Theoretical physicist, inspired and inspiring teacher.
The fertile imagination of John Archibald Wheeler, who died on 13 April aged 96, roamed from the properties of atomic nuclei to the physics of nuclear explosions; from the quantum mechanics of exotic atoms to the philosophy of quantum measurements; and from the nature of black holes to the properties of space-time. The thread connecting these disparate areas was Wheeler's love of acquiring and imparting knowledge. Nowhere was that more evident than with the science of gravity, which Wheeler and his students — many of them themselves future leaders — took from a theoretical backwater to a vigorous area of scientific enquiry.
Wheeler loved 'what if' questions. What happens if electrons and their antiparticles, positrons, bubble up from the vacuum and cause light to be scattered by light? In 1934, just two years after the positron was discovered, Wheeler and Gregory Breit worked out the answer. Their work is still used to describe the scattering of energetic photons from distant galaxies. What if you replace the proton in a hydrogen atom by a positron, or the electron in an atom by a muon, its heavier cousin? Wheeler found that out in the 1940s. What if electrons and positrons are in fact the same particle, travelling in opposite directions in time? He put this question to his graduate student, Richard Feynman; it led to Feynman's powerful diagrammatic approach to quantum electrodynamics.
In 1939, nuclear fission was discovered. Wheeler, then at the start of a tenure of almost 40 years at Princeton University, collaborated with Niels Bohr to deliver an underlying theory. Soon after that, war broke out. Wheeler willingly went to work first on the American atomic bomb, and later the hydrogen bomb. He was a complex person: a patriot, he was offended by criticism of US military policy, for example in Vietnam. But he also encouraged one of us, Bill Unruh, to go to the University of California, Berkeley — he said that the many protests there at the time made it a stimulating place to work.
In 1952, Wheeler turned his attention to gravity. Could the malleable space-time of Einstein's general theory of relativity explain the characteristics of elementary particles? Wheeler's mantras, “charge without charge”, “mass without mass” and “topology is too important to be left to the mathematicians”, shocked and inspired others to draw out the physical implications of the theory. The rich harvest of physics and mathematics was displayed in the monumental treatise Gravitation, written with two former students of his, Charles Misner and Kip Thorne. First published in 1973, it has not been out of print since.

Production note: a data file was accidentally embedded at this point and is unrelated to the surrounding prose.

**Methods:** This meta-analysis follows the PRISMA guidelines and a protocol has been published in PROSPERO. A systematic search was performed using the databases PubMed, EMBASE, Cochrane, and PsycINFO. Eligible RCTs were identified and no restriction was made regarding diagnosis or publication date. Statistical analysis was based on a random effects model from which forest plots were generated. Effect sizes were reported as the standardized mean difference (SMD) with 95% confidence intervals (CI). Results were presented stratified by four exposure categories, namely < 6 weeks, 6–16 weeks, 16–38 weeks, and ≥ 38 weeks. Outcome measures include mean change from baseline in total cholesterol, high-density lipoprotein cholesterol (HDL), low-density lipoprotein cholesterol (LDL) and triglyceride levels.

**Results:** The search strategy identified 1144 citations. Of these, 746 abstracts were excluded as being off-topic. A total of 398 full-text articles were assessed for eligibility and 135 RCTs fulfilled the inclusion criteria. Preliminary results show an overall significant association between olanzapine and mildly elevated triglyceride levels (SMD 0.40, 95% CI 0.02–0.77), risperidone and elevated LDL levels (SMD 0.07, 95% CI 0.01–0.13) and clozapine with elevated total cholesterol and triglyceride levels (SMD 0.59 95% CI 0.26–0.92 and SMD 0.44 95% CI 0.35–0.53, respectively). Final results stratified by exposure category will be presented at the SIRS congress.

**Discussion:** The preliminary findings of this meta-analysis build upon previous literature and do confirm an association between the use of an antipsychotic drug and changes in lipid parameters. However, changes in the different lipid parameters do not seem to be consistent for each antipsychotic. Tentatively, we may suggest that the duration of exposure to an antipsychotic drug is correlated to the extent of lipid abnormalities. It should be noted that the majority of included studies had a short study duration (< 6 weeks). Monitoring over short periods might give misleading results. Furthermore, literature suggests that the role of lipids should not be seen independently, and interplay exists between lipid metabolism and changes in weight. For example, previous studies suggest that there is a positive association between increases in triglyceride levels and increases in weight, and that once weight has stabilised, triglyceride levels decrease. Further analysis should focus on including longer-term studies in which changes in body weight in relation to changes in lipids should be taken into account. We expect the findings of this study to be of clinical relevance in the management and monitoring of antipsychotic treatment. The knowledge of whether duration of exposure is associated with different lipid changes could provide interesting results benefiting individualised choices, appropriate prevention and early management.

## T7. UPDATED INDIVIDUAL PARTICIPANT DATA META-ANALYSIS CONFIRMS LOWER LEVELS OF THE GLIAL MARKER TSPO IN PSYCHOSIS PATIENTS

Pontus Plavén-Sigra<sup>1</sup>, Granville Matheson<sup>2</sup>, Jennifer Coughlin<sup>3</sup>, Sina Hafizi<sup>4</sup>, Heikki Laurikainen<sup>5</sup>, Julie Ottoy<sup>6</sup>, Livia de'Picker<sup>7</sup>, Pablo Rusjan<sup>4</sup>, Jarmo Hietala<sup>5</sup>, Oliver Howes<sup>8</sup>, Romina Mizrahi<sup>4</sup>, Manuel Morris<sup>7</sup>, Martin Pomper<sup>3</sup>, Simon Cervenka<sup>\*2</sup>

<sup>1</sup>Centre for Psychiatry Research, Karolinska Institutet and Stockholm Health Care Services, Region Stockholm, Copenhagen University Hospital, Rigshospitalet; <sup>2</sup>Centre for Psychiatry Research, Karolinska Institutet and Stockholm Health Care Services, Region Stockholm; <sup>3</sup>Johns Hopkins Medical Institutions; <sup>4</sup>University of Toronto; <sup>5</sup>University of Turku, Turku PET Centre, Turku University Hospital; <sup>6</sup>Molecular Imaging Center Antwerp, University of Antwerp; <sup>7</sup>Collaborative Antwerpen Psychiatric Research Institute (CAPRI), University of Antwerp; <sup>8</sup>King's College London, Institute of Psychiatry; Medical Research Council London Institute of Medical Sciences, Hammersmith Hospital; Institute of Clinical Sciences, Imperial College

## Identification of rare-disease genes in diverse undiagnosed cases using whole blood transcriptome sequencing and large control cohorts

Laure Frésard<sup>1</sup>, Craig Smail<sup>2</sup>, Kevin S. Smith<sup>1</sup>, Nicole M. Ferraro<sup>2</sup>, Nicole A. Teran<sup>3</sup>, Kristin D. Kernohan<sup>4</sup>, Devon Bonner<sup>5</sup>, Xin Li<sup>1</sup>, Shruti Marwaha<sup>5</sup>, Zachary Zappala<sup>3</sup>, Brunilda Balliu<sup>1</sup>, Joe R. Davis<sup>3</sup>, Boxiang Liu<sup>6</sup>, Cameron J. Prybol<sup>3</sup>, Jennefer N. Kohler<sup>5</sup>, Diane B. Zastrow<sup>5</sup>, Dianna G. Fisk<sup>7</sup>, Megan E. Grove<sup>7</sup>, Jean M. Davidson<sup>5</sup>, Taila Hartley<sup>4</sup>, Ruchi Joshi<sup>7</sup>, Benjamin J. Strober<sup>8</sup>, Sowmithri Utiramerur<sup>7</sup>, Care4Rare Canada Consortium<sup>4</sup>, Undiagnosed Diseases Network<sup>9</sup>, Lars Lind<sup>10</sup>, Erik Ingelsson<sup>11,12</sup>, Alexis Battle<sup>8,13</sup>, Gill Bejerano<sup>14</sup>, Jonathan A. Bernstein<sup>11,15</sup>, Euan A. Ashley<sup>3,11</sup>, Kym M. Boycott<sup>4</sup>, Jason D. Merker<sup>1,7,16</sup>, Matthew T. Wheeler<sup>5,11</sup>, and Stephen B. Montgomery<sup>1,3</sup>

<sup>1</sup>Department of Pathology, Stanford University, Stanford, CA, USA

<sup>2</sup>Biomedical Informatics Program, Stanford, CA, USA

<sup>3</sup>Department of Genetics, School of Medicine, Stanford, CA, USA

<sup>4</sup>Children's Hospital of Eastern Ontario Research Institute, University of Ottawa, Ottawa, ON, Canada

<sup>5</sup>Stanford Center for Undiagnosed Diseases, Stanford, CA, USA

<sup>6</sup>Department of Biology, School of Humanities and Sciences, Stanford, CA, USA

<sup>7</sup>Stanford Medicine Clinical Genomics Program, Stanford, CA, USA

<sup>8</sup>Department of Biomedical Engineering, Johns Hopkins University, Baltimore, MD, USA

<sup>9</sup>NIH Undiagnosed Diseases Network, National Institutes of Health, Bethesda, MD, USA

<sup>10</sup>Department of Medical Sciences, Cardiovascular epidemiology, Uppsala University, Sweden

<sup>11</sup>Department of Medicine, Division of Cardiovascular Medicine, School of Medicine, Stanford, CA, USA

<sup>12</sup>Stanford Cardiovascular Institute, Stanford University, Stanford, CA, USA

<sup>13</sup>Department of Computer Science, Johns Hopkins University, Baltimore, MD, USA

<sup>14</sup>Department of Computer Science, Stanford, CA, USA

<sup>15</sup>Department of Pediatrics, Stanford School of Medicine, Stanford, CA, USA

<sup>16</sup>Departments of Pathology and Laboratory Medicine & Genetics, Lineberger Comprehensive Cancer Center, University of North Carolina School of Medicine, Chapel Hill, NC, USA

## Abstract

One problem emphasized by the book was that of singularities. When a massive star exhausts its supply of nuclear fuel, it can collapse first to a 'black hole' — as Wheeler named it — and within that into a singularity where space and time cease to exist. As Gravitation was being published, another of Wheeler's students, Jacob Bekenstein, argued that black holes have thermodynamic properties such as energy and entropy. Three years later, Stephen Hawking showed that they have a temperature, emit radiation at that temperature, and so can evaporate. The strong observational evidence for black holes keeps Wheeler's fundamental questions alive — what is the meaning of a singularity; what is left after a black hole evaporates; what happens to information that is swallowed by a black hole.
Besides gravity, quantum mechanics was Wheeler's passion: “Why the quantum?” was another favourite question. He was especially fascinated by the idea that whether, looking at light, you see wave or particle behaviour depends on what experiment you perform. In a famous thought experiment, Wheeler considered what happened if the choice of experiment could be delayed until, assuming causality, it was too late for the decision to affect the way the light behaves. The experiment has since been done, and it starkly displays the situation. In Wheeler's words, “We have a strange inversion of the normal order of time. We, now, by moving the mirror in or out, have a right to change what we say about the already past history of that photon.” As a logical extension, Wheeler went on to ask whether our present experiments influence what we can say of the Universe in the distant past. Does the observer even in some way participate in the birth of the Universe?
Wheeler had no fear of such 'hard' questions. He infected others with his own intellectual courage, emboldening Hugh Everett, another of his doctoral students, to present his thesis positing the 'many worlds' interpretation of quantum mechanics, despite his, Wheeler's, own philosophical discomfort with it.
John Wheeler was an exuberant person. He happened to be in the office of one of us, Jim Peebles, when a student, Dan, came in with his new dissertation.
John: What's it about?
Dan: A search for correlations of position angles of galaxies.
John: Gödel would be interested.
Dan: Who's Gödel?
John: To say Gödel is the greatest logician since Aristotle would be to slight Gödel.
John picked up the phone, got Gödel on the line, and handed the phone to Dan. We don't know what Gödel made of this call (he had discovered a rotating-universe model), but John had got to do what he loved best: inspire a young person.
The rotation of galaxies. What Gödel's incompleteness theorem had to do with physics. The end of space-time. John Wheeler's eclectic passions are remote from the practical problems of society. But to him, fundamental scientific research was both a pleasure and a duty. His attitude was summed up in the dedication of Gravitation:
To our fellow citizens
Who, for love of truth,
Take from their own wants
By taxes and gifts,
And now and then send forth
One of themselves
As a dedicated servant,
To forward the search
Into the mysteries and marvelous simplicities
Of this strange and beautiful universe,